Coffee Benefits – Coffee is a very confusing and controversial topic. There are many studies and reports that often contradict each other, however after analyzing all of the current research, it appears that whether coffee will be of benefit or detriment will depend on your individual physiology and constitution.
It May Benefit You:
- You have ER-negative breast cancer
- Have a family history lethal prostate cancer
- Have a family history heart disease
- Have a family history of Alzheimer’s
- Have a family history of gout
- Have a family history of diabetes
It May not Benefit You:
- You get stressed easily
- You are prone to anxiety
- You use a lot of sugar and ultra-pasteurized cream in your coffee
- You have problems sleeping: i.e. you need wine, ambien, melatonin or other depressants to fall asleep. Caffeine can remain in the body for 18 hours!
- You have problems losing weight
- Adolescents, children, pregnant women, and those with hypertension may be more sensitive to the negative adverse effects of caffeine1
The Coffee Benefits
Coffee and Breast Cancer
An article in Breast Cancer Research shows that drinking coffee specifically reduces the risk of antiestrogen-resistant estrogen-receptor (ER)-negative breast cancer. Researchers in Sweden found that coffee drinkers with ER-negative breast cancer had a lower incidence of breast cancer than women who rarely drank coffee, but found that several lifestyle factors affected breast cancer rates, such as age at menopause, exercise, weight, education, and a family history of breast cancer.1
Coffee and Lethal Prostate Cancer
Coffee Benefits – A new study led by Harvard School of Public Health found that drinking one to three cups of coffee per day was associated with a 30% lower risk of lethal prostate cancer, and that men who drank the most coffee had a 60% lower risk of developing lethal prostate cancer.2 Coffee contains many beneficial compounds that act as antioxidants, reduce inflammation, and regulate insulin, all of which may influence prostate cancer.
Coffee and Heart Disease
A study published in Arteriosclerosis, Thrombosis, and Vascular Biology: Journal of the American Heart Association found that coffee drinkers with a modest intake, two to four cups per day, had a 20 percent lower risk of heart disease compared to those drinking less than two cups or more than four cups.3 This of course always needs to be looked at in combination with the many lifestyle factors that increase the risk of heart disease including lack of exercise, obesity, poor diet and smoking.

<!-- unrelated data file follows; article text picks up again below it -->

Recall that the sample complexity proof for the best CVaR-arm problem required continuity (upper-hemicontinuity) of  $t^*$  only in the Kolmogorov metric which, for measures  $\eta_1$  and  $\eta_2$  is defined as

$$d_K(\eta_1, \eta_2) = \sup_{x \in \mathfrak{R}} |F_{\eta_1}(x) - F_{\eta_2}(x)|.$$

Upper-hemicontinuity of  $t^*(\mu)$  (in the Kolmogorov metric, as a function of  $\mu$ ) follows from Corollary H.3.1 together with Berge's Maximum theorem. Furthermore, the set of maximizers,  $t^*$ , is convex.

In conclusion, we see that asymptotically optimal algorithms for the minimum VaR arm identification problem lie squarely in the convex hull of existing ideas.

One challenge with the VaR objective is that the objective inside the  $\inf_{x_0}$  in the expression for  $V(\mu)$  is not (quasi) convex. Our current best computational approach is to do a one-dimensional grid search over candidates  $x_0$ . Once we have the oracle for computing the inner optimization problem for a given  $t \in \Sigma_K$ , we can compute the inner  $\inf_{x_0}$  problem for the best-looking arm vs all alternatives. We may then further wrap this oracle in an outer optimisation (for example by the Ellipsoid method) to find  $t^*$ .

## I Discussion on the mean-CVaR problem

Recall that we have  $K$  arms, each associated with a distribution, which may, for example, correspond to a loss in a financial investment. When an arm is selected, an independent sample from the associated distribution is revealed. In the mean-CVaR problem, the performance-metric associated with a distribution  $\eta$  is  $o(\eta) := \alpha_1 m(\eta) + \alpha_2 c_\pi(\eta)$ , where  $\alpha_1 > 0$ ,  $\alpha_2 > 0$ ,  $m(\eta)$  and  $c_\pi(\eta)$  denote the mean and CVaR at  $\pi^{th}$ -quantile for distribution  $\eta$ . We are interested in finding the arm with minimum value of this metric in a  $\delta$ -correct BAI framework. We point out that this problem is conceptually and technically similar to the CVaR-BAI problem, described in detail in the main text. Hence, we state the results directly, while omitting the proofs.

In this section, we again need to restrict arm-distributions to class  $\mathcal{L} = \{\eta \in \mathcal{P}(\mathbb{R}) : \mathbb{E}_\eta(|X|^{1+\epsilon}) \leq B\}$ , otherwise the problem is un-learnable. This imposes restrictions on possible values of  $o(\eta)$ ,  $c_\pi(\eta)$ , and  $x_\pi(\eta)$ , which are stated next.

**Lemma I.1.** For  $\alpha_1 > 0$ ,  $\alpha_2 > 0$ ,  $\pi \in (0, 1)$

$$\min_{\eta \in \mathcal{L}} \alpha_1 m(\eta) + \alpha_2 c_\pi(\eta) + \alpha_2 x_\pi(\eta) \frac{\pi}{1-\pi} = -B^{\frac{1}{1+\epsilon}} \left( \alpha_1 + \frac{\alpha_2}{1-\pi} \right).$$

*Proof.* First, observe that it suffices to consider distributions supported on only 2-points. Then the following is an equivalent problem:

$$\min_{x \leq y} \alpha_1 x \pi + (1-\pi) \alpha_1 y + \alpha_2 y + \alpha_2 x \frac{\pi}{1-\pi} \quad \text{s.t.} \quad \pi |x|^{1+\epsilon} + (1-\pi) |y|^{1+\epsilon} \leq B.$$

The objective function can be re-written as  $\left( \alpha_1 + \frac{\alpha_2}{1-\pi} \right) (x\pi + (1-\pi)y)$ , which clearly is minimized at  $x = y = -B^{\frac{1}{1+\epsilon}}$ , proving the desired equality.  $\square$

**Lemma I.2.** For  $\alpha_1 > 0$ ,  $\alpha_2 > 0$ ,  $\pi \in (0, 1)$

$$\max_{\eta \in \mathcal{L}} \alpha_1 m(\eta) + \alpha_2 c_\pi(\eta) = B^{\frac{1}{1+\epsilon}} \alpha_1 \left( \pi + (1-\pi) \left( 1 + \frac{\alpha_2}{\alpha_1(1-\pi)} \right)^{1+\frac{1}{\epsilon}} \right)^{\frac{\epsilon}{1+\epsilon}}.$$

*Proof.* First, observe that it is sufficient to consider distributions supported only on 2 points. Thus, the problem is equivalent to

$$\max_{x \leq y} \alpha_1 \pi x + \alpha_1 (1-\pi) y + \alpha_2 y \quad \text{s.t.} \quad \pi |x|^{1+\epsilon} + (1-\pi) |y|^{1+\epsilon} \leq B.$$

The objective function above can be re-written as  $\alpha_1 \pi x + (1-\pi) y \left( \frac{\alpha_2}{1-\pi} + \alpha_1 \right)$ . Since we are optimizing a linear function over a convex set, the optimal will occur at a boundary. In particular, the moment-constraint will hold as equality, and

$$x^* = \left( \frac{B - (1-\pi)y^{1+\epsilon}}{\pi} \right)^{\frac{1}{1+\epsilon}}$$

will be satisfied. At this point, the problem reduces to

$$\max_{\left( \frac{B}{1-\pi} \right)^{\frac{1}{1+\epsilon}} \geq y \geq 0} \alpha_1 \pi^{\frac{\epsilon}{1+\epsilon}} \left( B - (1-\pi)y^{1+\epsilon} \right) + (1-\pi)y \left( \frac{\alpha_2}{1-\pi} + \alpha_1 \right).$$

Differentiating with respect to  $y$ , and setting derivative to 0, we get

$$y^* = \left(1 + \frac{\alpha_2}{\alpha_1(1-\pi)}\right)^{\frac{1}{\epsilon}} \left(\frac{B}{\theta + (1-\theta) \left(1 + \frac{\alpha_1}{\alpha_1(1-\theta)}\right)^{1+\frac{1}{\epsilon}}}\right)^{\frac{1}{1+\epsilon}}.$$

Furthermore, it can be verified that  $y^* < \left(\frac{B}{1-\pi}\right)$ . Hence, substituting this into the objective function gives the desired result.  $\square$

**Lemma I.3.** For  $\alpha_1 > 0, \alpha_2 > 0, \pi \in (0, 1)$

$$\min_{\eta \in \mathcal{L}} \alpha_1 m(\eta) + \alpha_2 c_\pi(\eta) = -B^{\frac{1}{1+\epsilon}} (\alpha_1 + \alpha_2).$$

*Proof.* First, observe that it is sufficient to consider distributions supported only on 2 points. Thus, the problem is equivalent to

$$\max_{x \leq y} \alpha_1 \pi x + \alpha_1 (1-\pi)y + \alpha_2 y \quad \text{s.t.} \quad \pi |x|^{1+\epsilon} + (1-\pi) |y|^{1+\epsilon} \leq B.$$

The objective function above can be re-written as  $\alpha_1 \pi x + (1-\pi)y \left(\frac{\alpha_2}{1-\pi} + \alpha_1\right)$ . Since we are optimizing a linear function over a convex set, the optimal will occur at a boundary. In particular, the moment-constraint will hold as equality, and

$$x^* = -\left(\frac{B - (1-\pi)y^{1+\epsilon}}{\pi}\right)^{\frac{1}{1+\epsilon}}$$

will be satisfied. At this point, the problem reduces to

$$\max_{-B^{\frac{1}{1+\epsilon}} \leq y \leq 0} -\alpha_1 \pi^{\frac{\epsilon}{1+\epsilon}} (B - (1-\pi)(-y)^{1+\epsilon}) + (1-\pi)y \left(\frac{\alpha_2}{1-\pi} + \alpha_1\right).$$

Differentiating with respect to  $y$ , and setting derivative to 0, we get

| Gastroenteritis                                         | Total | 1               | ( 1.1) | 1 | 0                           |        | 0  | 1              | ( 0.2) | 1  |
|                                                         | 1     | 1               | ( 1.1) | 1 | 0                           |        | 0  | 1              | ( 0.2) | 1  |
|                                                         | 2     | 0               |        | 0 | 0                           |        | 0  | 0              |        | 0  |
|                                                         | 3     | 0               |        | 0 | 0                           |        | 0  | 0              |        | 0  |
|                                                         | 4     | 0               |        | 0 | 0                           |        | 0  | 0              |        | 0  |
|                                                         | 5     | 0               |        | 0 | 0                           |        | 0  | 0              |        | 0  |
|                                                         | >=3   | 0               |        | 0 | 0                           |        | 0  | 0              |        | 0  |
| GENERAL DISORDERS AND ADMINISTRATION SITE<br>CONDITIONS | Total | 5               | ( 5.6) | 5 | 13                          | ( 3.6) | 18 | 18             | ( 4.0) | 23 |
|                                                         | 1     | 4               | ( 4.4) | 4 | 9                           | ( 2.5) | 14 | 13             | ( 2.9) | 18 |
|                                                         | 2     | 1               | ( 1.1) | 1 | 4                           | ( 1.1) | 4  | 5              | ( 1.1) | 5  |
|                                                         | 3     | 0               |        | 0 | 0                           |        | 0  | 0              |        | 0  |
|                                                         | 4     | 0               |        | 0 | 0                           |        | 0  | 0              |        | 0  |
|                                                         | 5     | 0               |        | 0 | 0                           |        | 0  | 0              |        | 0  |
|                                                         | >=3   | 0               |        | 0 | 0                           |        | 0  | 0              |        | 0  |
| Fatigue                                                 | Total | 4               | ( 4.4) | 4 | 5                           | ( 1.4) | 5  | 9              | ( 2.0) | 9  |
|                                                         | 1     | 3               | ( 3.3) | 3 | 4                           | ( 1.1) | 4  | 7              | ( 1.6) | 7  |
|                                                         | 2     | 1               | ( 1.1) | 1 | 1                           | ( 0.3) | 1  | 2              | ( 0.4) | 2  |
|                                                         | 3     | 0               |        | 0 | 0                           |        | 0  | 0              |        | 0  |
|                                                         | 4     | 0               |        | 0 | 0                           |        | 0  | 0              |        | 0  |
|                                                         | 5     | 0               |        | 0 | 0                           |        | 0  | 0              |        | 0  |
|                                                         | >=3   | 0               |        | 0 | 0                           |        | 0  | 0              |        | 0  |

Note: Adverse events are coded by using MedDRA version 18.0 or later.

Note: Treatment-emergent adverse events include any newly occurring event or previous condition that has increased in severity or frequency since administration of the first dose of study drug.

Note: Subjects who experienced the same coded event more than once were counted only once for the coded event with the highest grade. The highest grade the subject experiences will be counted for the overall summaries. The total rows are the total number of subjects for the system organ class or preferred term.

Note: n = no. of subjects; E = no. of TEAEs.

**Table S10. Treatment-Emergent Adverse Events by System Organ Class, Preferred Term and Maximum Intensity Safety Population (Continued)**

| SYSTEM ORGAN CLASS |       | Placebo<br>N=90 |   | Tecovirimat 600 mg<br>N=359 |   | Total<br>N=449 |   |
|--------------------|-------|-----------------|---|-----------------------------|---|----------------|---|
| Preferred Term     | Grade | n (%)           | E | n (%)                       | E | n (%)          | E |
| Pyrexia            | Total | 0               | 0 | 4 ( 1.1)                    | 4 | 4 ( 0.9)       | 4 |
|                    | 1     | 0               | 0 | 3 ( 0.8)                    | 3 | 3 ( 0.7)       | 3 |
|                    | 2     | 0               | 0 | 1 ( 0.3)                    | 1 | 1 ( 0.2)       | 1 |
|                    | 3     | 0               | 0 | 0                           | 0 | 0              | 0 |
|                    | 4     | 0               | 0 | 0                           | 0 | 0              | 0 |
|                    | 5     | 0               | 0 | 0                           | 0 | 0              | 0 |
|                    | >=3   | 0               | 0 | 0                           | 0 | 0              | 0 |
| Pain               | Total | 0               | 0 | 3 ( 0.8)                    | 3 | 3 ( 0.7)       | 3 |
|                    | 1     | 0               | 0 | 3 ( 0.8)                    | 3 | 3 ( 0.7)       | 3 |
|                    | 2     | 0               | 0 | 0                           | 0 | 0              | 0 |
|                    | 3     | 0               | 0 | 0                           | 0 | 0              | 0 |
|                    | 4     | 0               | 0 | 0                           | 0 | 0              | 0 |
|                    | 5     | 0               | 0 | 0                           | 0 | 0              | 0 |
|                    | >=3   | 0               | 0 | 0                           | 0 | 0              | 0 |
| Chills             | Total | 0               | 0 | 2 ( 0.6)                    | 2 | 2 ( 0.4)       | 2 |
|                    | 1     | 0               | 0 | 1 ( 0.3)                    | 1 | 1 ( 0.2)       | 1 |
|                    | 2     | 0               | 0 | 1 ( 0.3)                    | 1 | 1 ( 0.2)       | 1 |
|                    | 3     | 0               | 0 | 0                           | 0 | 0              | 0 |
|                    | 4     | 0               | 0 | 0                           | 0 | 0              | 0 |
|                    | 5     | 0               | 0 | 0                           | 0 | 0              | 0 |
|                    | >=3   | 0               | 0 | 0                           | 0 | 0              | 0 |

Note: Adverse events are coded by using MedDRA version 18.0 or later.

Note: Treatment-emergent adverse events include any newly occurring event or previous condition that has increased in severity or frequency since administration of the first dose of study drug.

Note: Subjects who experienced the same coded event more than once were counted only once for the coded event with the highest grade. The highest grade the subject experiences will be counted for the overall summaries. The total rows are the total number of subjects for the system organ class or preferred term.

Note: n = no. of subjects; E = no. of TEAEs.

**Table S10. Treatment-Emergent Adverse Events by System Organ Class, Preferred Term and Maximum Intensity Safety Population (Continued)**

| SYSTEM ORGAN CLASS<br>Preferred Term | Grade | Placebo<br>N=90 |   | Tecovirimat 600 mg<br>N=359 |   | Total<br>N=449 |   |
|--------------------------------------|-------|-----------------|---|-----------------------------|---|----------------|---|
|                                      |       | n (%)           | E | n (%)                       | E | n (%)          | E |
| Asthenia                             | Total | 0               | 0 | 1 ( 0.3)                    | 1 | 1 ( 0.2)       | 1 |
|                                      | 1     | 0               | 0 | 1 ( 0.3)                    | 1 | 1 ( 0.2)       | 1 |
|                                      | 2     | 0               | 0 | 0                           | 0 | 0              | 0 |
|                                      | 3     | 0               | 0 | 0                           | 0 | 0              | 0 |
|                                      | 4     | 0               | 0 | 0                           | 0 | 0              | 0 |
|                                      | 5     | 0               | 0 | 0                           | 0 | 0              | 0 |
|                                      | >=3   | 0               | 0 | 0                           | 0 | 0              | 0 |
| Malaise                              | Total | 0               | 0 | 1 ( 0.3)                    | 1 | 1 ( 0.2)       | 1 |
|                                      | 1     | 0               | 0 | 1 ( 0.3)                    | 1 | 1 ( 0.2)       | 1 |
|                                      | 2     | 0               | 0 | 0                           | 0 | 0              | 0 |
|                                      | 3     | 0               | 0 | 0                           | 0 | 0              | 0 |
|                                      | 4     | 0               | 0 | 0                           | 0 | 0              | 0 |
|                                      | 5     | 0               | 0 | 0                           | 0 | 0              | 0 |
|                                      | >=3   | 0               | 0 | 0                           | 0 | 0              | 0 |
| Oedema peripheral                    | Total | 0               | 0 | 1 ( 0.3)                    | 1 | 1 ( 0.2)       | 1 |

Coffee and Gout | Coffee Benefits
A study from the Harvard School of Public Health conducted a prospective study on 45,869 men over age 40 with no history of gout at baseline. Over 12 years of follow-up the risk of gout was 40 percent lower for men who drank 4 to 5 cups of coffee a day and 59 percent lower for men who drank 6 or more cups a day than for men who never drank coffee. These findings were independent of all other risk factors for gout. Tea drinking and total caffeine intake were both shown to have no effect on the incidence of gout among the subjects. One of the possible reasons for these results is that coffee contains the phenol chlorogenic acid, a strong antioxidant.
Coffee and Diabetes | Coffee Benefits
In one study from the Journal of Agricultural and Food Chemistry, coffee consumption prevented the development of high-blood sugar and also improved insulin sensitivity in the mice, thereby reducing the risk of diabetes. Coffee also caused a cascade of other beneficial changes in the fatty liver and inflammatory adipocytokines related to a reduced diabetes risk.
Coffee and Memory
There are many contradictory reports of the positive and negative effects of caffeine. Some of the newest research points to caffeine (also present in tea, cocoa, and other foods) as the source of a powerful antioxidant effect that may help protect people from Alzheimer’s and other diseases. One study involved 7,000 people whose cognitive abilities and caffeine consumption were evaluated over four years.Compared to women who drank one cup or less of coffee per day, those who drank over three cups were less likely to show as much decline in memory. Moreover, the benefits increased with age — coffee drinkers being 30 percent less likely to have memory decline at age 65 and rising to 70 percent less likely over age 80.4